Harvard-Smithsonian Center for Astrophysics

The Harvard–Smithsonian Center for Astrophysics (CfA) is one of the largest and most diverse astrophysical institutions in the world, where scientists carry out a broad program of research in astronomy, astrophysics, earth and space sciences, and science education. The center's mission is to advance knowledge and understanding of the universe through research and education in astronomy and astrophysics. The center was founded in 1973 as a joint venture between the Smithsonian Institution and Harvard University. It consists of the Harvard College Observatory and the Smithsonian Astrophysical Observatory. The center's main facility is located between Concord Avenue and Garden Street, with its mailing address and main entrance at 60 Garden Street, Cambridge, Massachusetts. Beyond this location there are also additional satellite facilities elsewhere around the globe. The current director of the CfA, Charles R. Alcock, was named in 2004. The director from 1982 to 2004 was Irwin I. Shapiro.

Address
60 Garden St., Cambridge, Massachusetts, United States
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A massive galaxy long ago and far away

Galaxies today fall roughly into two categories: elliptically-shaped collections of reddish, old stars that formed predominantly during a period early in the history of the universe, and spiral shaped objects dominated by ...

dateFeb 06, 2017 in Astronomy
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Radio weak blazars

A blazar is a galaxy whose central nucleus is bright at wavelengths from the low energy radio band to high energy gamma rays (each gamma ray photon is over a hundred million times more energetic than the X-rays seen by the ...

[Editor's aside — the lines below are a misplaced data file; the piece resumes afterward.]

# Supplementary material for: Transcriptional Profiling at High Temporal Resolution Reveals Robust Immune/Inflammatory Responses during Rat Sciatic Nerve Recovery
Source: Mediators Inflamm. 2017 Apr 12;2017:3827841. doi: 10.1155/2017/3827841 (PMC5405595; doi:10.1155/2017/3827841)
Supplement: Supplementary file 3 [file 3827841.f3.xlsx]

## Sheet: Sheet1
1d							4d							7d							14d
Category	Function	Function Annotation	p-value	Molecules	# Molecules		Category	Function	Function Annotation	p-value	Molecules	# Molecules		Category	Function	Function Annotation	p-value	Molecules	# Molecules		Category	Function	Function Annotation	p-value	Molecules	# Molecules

dateJan 30, 2017 in Astronomy
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The evolution of massive galaxy clusters

Galaxy clusters have long been recognized as important laboratories for the study of galaxy formation and evolution. The advent of the new generation of millimeter and submillimeter wave survey telescopes, like the South ...

dateJan 20, 2017 in Astronomy
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A catalog of habitable zone exoplanets

The last two decades have seen an explosion of detections of exoplanets, as the sensitivity to smaller planets has dramatically improved thanks especially to the Kepler mission. These discoveries have found that the frequency ...

dateJan 18, 2017 in Astronomy
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Outflowing gas in ultraluminous galaxies

Galaxies evolve over billions of years in part through the activity of star formation and their supermassive nuclear black holes, and also by mergers with other galaxies. Some features of galaxies, in particular the strong ...

dateJan 09, 2017 in Astronomy
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